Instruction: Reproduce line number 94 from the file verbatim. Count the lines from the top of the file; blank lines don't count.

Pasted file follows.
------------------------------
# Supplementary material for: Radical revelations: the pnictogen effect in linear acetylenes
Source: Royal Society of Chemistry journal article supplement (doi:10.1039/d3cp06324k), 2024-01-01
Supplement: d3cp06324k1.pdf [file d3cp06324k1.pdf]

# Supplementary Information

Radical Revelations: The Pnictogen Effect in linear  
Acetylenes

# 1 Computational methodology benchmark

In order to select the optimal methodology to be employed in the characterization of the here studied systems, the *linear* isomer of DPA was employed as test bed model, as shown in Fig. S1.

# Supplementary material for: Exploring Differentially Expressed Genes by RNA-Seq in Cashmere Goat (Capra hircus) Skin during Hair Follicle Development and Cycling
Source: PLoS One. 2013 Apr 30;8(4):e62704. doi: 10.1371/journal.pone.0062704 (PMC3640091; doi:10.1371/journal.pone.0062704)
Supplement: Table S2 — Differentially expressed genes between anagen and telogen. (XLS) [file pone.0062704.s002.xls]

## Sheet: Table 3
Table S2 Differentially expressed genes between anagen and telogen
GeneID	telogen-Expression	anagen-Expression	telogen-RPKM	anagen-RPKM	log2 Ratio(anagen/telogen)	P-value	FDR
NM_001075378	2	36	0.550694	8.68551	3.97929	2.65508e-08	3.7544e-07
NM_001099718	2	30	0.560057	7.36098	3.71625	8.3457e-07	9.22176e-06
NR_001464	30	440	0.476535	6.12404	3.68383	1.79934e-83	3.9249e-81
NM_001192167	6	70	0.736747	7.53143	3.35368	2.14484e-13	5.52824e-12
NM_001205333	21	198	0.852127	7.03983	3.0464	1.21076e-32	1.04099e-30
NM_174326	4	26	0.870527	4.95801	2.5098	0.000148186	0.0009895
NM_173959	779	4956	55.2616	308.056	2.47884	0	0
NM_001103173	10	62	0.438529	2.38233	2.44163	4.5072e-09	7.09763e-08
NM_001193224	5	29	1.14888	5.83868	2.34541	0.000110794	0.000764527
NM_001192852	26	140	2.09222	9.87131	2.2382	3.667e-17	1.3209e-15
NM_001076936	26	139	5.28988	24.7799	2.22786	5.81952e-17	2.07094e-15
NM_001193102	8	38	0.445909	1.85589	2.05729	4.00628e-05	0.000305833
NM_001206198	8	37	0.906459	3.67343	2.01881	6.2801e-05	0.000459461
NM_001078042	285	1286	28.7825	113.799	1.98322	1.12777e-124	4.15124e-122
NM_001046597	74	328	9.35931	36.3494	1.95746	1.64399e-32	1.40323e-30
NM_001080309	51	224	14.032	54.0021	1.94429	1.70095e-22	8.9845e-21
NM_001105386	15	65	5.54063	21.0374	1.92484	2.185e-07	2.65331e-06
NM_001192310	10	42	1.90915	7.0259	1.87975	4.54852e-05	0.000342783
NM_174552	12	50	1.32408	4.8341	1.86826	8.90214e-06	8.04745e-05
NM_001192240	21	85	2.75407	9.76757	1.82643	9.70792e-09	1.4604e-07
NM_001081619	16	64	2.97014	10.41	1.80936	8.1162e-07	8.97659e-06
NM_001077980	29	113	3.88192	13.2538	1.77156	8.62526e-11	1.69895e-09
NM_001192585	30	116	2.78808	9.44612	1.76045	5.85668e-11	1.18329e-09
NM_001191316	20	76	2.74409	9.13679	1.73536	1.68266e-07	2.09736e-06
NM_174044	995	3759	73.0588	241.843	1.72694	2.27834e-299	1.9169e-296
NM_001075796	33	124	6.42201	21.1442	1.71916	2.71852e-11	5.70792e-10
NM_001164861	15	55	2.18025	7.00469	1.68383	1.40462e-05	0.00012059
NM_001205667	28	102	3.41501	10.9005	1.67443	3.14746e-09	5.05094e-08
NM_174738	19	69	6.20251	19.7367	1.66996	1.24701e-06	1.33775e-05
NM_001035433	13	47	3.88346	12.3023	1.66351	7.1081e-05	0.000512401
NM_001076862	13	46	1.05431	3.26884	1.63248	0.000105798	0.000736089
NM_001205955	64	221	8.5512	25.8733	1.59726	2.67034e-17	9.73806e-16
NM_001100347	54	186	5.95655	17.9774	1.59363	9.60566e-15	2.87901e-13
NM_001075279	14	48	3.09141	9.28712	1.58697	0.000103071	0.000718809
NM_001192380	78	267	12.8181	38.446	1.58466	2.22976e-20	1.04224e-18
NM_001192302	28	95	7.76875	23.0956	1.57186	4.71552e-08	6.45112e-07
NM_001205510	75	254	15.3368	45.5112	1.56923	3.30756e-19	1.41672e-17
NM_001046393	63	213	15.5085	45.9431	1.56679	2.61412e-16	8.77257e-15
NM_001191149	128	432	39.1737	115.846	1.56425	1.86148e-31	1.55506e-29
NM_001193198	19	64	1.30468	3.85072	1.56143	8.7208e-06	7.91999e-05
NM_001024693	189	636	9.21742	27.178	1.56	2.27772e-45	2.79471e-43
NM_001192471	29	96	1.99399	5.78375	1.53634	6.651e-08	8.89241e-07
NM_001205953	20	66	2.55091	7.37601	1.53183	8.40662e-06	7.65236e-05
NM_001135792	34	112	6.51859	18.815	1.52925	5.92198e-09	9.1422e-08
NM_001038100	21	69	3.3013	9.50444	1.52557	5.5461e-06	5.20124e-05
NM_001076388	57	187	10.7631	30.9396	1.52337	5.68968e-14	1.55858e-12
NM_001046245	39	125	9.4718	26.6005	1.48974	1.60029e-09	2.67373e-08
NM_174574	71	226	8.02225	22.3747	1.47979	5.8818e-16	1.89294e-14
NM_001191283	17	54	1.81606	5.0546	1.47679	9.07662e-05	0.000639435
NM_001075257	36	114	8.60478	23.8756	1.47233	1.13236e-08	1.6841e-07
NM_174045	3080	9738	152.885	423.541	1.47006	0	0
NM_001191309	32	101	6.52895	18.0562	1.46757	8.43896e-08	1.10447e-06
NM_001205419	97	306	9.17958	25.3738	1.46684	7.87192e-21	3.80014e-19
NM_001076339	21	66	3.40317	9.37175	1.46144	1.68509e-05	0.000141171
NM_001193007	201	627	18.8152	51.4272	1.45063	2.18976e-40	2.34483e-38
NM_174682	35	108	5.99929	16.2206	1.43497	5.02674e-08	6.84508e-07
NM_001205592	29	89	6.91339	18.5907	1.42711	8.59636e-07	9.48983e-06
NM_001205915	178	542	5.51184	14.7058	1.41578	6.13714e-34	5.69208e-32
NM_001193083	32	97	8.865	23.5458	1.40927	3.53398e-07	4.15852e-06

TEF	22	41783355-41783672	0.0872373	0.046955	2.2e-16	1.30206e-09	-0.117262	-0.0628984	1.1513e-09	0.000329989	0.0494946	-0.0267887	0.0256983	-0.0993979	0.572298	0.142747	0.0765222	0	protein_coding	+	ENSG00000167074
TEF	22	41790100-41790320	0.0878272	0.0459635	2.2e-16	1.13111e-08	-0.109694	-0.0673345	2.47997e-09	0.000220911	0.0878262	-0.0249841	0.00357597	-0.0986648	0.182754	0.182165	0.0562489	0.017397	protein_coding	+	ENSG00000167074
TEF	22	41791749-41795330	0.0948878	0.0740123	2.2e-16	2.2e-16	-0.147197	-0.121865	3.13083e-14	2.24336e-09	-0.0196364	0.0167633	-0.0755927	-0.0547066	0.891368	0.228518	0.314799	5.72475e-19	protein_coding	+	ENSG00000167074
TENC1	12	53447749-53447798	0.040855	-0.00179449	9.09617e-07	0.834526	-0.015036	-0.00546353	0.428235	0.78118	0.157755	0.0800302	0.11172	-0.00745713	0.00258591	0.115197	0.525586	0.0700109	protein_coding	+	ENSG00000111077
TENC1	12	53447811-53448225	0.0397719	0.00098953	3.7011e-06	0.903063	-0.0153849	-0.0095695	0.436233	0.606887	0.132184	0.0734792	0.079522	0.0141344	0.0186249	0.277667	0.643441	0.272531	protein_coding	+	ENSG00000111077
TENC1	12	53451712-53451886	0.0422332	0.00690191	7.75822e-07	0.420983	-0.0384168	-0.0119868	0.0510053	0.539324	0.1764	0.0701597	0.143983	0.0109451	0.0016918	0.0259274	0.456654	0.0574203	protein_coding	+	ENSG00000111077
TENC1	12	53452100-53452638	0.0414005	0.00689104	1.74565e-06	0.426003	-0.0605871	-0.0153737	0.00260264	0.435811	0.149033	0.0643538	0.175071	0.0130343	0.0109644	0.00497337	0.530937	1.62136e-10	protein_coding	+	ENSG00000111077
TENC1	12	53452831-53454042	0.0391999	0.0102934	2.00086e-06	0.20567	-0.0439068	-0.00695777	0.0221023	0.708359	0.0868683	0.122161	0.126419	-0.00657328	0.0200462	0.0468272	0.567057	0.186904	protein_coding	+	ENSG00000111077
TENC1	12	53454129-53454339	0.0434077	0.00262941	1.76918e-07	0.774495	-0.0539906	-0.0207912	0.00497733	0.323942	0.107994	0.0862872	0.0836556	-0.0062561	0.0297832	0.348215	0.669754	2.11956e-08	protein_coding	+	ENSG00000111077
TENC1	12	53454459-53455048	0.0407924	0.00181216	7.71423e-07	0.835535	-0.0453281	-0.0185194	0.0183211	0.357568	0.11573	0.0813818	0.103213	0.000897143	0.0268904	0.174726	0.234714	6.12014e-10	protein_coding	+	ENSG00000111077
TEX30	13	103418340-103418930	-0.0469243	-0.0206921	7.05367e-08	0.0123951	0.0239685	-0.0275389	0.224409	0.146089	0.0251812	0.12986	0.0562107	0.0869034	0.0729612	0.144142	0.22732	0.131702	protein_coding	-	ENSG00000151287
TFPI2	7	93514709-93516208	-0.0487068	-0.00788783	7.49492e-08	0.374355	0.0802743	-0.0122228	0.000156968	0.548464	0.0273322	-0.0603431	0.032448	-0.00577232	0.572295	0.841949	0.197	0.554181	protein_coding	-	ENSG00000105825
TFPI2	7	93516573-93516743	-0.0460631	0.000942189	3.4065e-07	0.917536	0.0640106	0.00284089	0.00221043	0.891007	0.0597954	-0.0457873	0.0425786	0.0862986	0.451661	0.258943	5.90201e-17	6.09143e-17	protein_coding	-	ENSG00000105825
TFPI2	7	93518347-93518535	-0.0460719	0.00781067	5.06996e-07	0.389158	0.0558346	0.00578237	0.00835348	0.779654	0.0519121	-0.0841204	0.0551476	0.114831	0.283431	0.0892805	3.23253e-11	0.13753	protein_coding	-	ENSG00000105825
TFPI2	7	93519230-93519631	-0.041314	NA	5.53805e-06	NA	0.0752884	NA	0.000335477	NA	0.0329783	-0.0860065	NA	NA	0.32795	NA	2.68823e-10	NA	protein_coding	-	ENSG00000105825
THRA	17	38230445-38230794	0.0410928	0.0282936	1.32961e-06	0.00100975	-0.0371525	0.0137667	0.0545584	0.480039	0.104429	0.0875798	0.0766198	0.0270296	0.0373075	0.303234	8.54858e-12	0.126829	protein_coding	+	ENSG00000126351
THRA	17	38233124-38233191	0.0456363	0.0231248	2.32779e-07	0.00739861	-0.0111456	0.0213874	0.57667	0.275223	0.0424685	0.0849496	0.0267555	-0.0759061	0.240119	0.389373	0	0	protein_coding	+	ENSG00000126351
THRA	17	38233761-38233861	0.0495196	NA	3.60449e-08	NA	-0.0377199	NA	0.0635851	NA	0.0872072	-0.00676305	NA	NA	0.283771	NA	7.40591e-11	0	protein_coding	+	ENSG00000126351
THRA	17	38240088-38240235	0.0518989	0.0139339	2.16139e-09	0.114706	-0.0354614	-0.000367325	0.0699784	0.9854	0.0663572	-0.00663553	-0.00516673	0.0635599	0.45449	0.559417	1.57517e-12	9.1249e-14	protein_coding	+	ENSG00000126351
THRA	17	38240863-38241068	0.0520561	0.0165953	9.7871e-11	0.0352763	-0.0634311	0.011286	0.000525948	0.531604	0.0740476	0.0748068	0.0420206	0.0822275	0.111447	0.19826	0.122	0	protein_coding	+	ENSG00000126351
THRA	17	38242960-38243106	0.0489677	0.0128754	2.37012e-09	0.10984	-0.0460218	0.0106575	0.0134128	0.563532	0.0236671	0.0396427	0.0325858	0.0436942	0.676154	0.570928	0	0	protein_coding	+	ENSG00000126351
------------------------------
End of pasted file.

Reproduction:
THRA	17	38242960-38243106	0.0489677	0.0128754	2.37012e-09	0.10984	-0.0460218	0.0106575	0.0134128	0.563532	0.0236671	0.0396427	0.0325858	0.0436942	0.676154	0.570928	0	0	protein_coding	+	ENSG00000126351